Notwithstanding this great mystery, I took to creating time by filing off the little nubs on either side where the thin part of the stem entered and exited the bulb. I rubbed them against a flat rock that happened to be beside me in the ravine until what remained was perfectly spherical – like a large wooden bead. And when I was finished I sat with it in the palm of my hand – watching the clouds drifting slowly past, and watching my own being creating time from moment to moment.
I spent the afternoon that way – at times merely watching, at other times meticulously crafting another wooden bead from one of the odd stems that I’d come to realize were much more common than I’d thought. I had four of them in my pocket by the time I finally climbed out of the ravine for the walk back home. It was growing cooler by then, and I was getting hungry. Back home my mother would be fixing dinner, and then I’d be able to watch a little television. No, the circumstances that had prompted me to take leave of civilization and go off to be alone weren’t any different, but at least a little bit of the stillness that I’d known out there in the ravine came back home with me.
I don’t know what ever became of those beads that I carried with me as I left the ravine behind all those many years ago. I kept them in a little bowl on a shelf in my room for a time, and then I lost track of them somehow. Nonetheless, I carry them with me to this day. They represent the great mystery that we carry with us day in and day out – the mystery of our very existence. Perhaps we keep it tucked away, only occasionally to pull it out to ponder and appreciate before tucking it away again. Perhaps we think we’ve lost it altogether, but it never loses us. It’s still here, and it will remain forever that which we already know.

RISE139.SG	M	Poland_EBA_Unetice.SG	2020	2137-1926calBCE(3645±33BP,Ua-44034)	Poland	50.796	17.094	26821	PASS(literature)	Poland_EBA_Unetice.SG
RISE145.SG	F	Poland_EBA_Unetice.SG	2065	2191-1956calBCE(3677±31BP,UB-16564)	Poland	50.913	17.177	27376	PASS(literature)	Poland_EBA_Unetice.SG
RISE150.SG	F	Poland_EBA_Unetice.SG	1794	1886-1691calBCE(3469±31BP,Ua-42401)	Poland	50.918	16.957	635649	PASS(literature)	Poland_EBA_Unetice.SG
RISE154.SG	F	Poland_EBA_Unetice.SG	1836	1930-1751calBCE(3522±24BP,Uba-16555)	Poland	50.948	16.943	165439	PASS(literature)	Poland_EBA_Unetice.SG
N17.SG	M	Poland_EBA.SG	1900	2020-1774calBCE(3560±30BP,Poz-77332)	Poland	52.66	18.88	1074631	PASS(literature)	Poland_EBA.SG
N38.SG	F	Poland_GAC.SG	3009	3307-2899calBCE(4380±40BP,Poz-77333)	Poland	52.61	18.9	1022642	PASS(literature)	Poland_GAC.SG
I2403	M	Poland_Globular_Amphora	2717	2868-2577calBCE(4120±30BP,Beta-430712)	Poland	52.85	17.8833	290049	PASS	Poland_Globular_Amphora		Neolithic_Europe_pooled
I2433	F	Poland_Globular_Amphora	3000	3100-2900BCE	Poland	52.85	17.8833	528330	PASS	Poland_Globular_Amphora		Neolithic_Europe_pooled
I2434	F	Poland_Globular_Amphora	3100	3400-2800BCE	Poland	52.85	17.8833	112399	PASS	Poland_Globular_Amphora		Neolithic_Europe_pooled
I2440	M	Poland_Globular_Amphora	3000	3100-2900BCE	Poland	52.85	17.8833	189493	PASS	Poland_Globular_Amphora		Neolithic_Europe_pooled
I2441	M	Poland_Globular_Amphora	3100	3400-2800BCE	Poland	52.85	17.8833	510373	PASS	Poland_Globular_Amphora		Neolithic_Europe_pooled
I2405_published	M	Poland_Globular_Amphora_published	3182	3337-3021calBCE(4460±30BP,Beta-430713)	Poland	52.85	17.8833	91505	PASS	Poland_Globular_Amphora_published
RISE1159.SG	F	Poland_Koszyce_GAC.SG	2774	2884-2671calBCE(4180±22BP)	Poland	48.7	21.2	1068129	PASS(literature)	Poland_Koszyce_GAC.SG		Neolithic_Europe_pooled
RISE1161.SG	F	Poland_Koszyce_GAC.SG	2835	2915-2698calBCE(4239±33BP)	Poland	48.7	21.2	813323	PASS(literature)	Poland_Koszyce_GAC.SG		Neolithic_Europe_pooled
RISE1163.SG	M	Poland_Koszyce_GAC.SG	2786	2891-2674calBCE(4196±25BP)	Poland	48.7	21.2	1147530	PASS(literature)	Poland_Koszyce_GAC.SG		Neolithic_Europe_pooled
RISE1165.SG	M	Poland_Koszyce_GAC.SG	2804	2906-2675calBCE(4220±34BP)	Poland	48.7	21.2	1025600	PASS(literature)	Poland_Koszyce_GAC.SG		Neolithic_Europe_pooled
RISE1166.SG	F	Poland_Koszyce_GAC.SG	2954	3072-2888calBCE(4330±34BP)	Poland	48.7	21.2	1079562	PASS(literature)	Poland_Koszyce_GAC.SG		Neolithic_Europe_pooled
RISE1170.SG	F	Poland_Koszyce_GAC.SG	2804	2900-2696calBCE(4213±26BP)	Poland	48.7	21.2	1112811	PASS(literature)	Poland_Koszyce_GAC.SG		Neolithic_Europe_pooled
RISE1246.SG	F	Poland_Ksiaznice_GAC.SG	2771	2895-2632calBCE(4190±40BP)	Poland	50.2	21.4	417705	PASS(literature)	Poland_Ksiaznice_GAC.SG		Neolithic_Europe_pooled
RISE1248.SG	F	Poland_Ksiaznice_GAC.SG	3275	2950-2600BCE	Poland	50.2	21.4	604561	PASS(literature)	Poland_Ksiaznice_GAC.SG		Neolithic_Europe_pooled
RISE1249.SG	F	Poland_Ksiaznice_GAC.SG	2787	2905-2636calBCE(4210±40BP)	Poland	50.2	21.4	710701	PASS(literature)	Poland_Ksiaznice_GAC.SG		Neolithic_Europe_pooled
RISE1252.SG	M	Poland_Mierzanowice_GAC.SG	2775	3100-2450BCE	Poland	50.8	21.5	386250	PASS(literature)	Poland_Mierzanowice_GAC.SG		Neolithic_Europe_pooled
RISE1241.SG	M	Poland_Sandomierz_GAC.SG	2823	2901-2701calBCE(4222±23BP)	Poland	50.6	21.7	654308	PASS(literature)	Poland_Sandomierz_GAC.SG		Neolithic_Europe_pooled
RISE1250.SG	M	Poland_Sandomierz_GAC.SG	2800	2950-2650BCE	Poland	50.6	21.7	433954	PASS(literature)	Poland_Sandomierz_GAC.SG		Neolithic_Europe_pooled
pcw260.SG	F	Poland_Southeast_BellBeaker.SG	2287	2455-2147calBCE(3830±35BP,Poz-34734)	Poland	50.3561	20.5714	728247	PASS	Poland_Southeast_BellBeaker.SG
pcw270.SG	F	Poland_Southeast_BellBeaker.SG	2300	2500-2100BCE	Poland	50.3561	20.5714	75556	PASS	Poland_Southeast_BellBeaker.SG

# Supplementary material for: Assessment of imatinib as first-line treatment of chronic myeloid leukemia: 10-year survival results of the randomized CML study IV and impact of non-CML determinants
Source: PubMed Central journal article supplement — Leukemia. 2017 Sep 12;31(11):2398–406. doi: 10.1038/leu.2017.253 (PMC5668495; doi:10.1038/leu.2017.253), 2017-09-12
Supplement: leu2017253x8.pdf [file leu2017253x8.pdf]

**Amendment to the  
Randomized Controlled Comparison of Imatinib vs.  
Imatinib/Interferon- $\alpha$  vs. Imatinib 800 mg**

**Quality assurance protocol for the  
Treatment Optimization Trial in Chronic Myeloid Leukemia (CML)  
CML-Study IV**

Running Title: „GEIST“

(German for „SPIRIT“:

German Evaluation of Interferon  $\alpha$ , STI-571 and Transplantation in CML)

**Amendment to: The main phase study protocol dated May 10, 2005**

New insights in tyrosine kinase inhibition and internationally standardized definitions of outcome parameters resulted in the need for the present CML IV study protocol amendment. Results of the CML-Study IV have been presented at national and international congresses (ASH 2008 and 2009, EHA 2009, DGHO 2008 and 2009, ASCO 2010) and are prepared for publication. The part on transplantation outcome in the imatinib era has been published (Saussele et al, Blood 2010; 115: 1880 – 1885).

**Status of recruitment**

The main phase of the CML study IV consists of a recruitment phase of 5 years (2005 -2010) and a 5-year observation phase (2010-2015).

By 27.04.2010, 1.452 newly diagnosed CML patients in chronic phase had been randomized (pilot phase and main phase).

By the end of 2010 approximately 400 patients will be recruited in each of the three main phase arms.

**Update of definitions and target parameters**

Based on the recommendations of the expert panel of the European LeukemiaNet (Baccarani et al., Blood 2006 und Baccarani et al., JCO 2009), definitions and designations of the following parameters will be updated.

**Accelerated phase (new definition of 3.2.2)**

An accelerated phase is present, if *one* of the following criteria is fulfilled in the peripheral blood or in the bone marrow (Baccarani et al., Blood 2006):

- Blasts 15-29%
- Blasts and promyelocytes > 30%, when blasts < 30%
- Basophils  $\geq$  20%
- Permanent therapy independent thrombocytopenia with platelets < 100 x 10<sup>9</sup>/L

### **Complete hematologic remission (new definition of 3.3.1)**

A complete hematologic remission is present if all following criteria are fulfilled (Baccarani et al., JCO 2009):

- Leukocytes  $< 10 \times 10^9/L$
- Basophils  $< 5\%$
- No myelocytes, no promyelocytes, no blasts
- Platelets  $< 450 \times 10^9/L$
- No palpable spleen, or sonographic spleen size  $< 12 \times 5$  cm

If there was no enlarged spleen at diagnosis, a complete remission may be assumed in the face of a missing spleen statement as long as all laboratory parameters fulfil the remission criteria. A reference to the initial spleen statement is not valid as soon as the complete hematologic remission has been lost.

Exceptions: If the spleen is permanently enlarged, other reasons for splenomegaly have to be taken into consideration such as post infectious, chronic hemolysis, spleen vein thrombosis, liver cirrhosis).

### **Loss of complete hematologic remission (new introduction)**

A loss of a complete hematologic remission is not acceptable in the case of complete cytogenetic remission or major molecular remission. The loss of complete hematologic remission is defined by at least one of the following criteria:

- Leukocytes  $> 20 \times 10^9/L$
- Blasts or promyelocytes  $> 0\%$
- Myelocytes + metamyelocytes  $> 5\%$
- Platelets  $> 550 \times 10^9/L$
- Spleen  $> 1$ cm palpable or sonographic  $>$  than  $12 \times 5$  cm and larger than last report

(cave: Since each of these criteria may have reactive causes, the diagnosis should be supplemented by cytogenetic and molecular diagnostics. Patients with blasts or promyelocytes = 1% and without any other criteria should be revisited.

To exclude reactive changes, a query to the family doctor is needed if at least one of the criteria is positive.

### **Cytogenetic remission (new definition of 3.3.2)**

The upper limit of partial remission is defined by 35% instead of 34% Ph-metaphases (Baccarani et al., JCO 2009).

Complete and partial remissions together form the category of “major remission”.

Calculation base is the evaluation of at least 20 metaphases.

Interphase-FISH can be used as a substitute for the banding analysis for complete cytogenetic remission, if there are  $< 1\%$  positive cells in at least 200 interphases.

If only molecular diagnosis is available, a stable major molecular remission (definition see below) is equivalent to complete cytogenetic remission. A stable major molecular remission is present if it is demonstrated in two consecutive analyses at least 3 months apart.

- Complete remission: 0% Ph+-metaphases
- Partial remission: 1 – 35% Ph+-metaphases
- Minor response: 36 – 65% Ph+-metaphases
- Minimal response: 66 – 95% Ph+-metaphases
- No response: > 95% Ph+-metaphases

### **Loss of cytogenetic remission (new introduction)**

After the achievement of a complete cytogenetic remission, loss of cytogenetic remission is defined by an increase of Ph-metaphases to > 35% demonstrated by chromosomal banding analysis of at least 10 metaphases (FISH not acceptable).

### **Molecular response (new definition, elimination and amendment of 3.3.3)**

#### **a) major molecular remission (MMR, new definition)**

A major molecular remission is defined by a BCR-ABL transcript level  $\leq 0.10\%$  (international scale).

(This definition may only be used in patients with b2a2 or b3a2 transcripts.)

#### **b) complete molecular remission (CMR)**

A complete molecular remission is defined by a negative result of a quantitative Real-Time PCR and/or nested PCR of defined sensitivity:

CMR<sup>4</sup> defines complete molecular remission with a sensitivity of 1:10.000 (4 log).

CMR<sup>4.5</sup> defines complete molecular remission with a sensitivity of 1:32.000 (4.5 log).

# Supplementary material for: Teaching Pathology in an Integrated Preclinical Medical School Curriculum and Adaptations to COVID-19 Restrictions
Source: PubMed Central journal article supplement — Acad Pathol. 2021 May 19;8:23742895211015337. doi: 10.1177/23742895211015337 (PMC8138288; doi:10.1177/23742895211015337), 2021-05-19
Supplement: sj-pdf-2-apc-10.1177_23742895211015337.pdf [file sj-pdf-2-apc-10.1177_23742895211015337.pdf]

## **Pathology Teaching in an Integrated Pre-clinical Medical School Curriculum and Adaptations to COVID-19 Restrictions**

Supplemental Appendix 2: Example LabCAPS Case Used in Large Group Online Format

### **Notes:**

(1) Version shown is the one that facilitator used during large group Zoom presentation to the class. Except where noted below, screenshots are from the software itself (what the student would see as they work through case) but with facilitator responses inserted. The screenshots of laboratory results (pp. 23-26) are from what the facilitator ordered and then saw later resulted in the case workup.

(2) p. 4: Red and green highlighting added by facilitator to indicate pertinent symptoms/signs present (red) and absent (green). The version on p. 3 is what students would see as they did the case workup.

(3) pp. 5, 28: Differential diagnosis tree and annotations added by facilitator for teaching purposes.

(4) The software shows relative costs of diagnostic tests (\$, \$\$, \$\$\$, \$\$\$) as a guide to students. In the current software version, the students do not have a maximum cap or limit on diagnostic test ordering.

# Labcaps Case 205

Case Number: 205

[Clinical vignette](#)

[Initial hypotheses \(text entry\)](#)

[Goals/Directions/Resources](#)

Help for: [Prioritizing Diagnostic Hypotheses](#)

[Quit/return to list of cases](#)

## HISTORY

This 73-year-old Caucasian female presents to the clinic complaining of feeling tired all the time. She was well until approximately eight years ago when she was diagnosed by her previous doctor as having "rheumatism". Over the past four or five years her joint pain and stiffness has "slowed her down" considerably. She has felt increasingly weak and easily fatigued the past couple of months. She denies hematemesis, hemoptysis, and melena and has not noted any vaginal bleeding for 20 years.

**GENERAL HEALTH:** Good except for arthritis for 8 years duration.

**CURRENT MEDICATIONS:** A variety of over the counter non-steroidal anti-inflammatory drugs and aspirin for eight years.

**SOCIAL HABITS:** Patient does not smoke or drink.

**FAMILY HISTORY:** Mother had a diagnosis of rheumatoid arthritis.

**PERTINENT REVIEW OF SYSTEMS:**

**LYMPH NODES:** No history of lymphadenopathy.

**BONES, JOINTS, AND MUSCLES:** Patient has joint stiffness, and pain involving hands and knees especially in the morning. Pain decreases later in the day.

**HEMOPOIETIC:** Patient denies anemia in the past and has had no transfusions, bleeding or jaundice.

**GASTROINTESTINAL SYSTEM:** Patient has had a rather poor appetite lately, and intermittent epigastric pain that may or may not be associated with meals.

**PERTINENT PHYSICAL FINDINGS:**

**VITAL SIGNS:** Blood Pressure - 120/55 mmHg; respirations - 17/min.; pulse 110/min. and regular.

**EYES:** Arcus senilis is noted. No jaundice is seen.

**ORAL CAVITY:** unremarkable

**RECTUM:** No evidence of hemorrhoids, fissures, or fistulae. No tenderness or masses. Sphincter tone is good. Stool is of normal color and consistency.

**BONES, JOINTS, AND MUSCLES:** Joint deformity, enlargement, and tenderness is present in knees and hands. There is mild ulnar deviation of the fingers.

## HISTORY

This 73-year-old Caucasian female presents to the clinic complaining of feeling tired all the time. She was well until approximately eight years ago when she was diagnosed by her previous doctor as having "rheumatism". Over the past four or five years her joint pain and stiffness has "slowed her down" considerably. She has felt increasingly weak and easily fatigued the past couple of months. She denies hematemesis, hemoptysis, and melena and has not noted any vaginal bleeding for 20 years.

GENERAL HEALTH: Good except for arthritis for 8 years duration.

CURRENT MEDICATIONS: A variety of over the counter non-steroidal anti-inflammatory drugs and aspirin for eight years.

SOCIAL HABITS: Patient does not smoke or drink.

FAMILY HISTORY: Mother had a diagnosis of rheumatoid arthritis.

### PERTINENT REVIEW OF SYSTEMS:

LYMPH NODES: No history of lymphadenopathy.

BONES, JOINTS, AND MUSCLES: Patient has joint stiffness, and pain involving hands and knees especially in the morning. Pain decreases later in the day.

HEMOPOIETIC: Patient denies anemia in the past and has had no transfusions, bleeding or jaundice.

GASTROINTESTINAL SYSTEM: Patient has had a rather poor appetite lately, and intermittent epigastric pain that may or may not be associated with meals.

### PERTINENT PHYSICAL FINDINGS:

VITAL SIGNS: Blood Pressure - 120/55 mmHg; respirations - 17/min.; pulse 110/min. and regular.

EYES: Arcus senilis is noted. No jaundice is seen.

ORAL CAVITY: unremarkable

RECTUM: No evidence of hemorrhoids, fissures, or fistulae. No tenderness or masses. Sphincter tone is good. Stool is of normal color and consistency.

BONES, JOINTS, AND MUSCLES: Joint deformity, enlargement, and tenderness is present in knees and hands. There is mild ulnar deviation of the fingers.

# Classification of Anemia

By the way, I did finally learn the origin of those strange bulbous formations growing on the stems of some of the goldenrod. They are called galls and they are created by the goldenrod fly laying its eggs inside the stem. As the hatched larvae begin eating of the plant, the plant responds by creating a woody formation around them. If the larvae are fortunate, they will eventually make their way out into the daylight as fully grown flies. Without such good fortune they become a meal for a woodpecker or a chickadee. Curiously, however, even the luckiest of goldenrod flies don’t live very long. The fully mature adult does not even have the ability to eat! Indeed, no matter how much we learn the inherent mystery of life remains.
Original Rustic Garden Gate on Riverside at Eynsford by Richard Croft via:
Erosion by Marshall Brain via:
Goldenrod gall in autumn courtesy of BioKIDS via:
Goldenrod Gall Fly via:
Copyright 2014 by Mark Frank